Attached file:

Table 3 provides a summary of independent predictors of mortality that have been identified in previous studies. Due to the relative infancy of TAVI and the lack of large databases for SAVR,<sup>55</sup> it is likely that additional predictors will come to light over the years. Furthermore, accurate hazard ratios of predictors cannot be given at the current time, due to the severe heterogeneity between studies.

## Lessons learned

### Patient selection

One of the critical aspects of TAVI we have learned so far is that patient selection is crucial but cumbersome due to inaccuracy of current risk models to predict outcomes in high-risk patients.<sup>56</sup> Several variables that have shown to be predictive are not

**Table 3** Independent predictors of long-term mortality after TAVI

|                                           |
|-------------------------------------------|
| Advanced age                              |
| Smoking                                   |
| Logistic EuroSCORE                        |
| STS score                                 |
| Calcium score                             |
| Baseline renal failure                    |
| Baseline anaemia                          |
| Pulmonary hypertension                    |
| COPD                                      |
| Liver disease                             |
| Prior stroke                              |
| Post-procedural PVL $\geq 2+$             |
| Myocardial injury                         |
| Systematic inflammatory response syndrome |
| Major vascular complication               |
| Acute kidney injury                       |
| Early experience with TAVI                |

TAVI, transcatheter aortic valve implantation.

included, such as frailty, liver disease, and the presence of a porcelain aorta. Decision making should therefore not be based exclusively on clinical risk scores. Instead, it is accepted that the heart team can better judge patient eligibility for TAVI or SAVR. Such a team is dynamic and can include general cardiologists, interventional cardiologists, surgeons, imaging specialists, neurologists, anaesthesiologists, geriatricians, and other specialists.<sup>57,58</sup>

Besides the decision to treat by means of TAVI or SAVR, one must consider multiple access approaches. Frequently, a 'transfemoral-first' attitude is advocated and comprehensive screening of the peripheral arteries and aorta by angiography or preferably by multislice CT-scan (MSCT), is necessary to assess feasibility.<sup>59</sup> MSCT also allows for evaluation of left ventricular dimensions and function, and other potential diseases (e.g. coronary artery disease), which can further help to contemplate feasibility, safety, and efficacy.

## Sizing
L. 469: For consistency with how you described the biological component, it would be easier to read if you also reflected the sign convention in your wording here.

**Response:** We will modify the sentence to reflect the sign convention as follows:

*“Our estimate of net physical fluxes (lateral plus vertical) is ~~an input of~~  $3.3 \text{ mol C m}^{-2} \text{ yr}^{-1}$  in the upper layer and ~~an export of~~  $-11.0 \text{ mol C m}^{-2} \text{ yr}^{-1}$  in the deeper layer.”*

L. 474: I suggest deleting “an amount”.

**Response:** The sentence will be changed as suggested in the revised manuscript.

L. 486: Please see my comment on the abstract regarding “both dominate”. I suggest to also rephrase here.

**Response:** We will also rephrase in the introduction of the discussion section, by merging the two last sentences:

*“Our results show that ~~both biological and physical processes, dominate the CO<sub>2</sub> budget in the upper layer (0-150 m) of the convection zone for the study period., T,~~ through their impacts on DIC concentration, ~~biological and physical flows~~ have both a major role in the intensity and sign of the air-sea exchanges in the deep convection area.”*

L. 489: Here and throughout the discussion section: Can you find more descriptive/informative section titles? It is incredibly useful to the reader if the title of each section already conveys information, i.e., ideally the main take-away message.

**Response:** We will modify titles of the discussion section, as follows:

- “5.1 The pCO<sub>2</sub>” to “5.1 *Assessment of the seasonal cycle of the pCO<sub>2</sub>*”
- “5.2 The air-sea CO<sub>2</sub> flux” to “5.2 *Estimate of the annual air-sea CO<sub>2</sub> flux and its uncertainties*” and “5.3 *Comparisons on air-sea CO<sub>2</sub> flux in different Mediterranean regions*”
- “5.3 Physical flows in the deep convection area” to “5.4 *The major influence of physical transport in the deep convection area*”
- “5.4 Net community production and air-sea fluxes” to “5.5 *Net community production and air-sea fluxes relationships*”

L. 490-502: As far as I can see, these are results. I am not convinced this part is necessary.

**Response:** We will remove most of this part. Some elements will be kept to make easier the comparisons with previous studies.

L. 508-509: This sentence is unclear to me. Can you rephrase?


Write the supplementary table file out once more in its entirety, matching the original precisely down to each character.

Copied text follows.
Table 3 provides a summary of independent predictors of mortality that have been identified in previous studies. Due to the relative infancy of TAVI and the lack of large databases for SAVR,<sup>55</sup> it is likely that additional predictors will come to light over the years. Furthermore, accurate hazard ratios of predictors cannot be given at the current time, due to the severe heterogeneity between studies.

## Lessons learned

### Patient selection

One of the critical aspects of TAVI we have learned so far is that patient selection is crucial but cumbersome due to inaccuracy of current risk models to predict outcomes in high-risk patients.<sup>56</sup> Several variables that have shown to be predictive are not

**Table 3** Independent predictors of long-term mortality after TAVI

|                                           |
|-------------------------------------------|
| Advanced age                              |
| Smoking                                   |
| Logistic EuroSCORE                        |
| STS score                                 |
| Calcium score                             |
| Baseline renal failure                    |
| Baseline anaemia                          |
| Pulmonary hypertension                    |
| COPD                                      |
| Liver disease                             |
| Prior stroke                              |
| Post-procedural PVL $\geq 2+$             |
| Myocardial injury                         |
| Systematic inflammatory response syndrome |
| Major vascular complication               |
| Acute kidney injury                       |
| Early experience with TAVI                |

TAVI, transcatheter aortic valve implantation.

included, such as frailty, liver disease, and the presence of a porcelain aorta. Decision making should therefore not be based exclusively on clinical risk scores. Instead, it is accepted that the heart team can better judge patient eligibility for TAVI or SAVR. Such a team is dynamic and can include general cardiologists, interventional cardiologists, surgeons, imaging specialists, neurologists, anaesthesiologists, geriatricians, and other specialists.<sup>57,58</sup>

Besides the decision to treat by means of TAVI or SAVR, one must consider multiple access approaches. Frequently, a 'transfemoral-first' attitude is advocated and comprehensive screening of the peripheral arteries and aorta by angiography or preferably by multislice CT-scan (MSCT), is necessary to assess feasibility.<sup>59</sup> MSCT also allows for evaluation of left ventricular dimensions and function, and other potential diseases (e.g. coronary artery disease), which can further help to contemplate feasibility, safety, and efficacy.

## Sizing
L. 469: For consistency with how you described the biological component, it would be easier to read if you also reflected the sign convention in your wording here.

**Response:** We will modify the sentence to reflect the sign convention as follows:

*“Our estimate of net physical fluxes (lateral plus vertical) is ~~an input of~~  $3.3 \text{ mol C m}^{-2} \text{ yr}^{-1}$  in the upper layer and ~~an export of~~  $-11.0 \text{ mol C m}^{-2} \text{ yr}^{-1}$  in the deeper layer.”*

L. 474: I suggest deleting “an amount”.

**Response:** The sentence will be changed as suggested in the revised manuscript.

L. 486: Please see my comment on the abstract regarding “both dominate”. I suggest to also rephrase here.

**Response:** We will also rephrase in the introduction of the discussion section, by merging the two last sentences:

*“Our results show that ~~both biological and physical processes, dominate the CO<sub>2</sub> budget in the upper layer (0-150 m) of the convection zone for the study period., T,~~ through their impacts on DIC concentration, ~~biological and physical flows~~ have both a major role in the intensity and sign of the air-sea exchanges in the deep convection area.”*

L. 489: Here and throughout the discussion section: Can you find more descriptive/informative section titles? It is incredibly useful to the reader if the title of each section already conveys information, i.e., ideally the main take-away message.

**Response:** We will modify titles of the discussion section, as follows:

- “5.1 The pCO<sub>2</sub>” to “5.1 *Assessment of the seasonal cycle of the pCO<sub>2</sub>*”
- “5.2 The air-sea CO<sub>2</sub> flux” to “5.2 *Estimate of the annual air-sea CO<sub>2</sub> flux and its uncertainties*” and “5.3 *Comparisons on air-sea CO<sub>2</sub> flux in different Mediterranean regions*”
- “5.3 Physical flows in the deep convection area” to “5.4 *The major influence of physical transport in the deep convection area*”
- “5.4 Net community production and air-sea fluxes” to “5.5 *Net community production and air-sea fluxes relationships*”

L. 490-502: As far as I can see, these are results. I am not convinced this part is necessary.

**Response:** We will remove most of this part. Some elements will be kept to make easier the comparisons with previous studies.

L. 508-509: This sentence is unclear to me. Can you rephrase?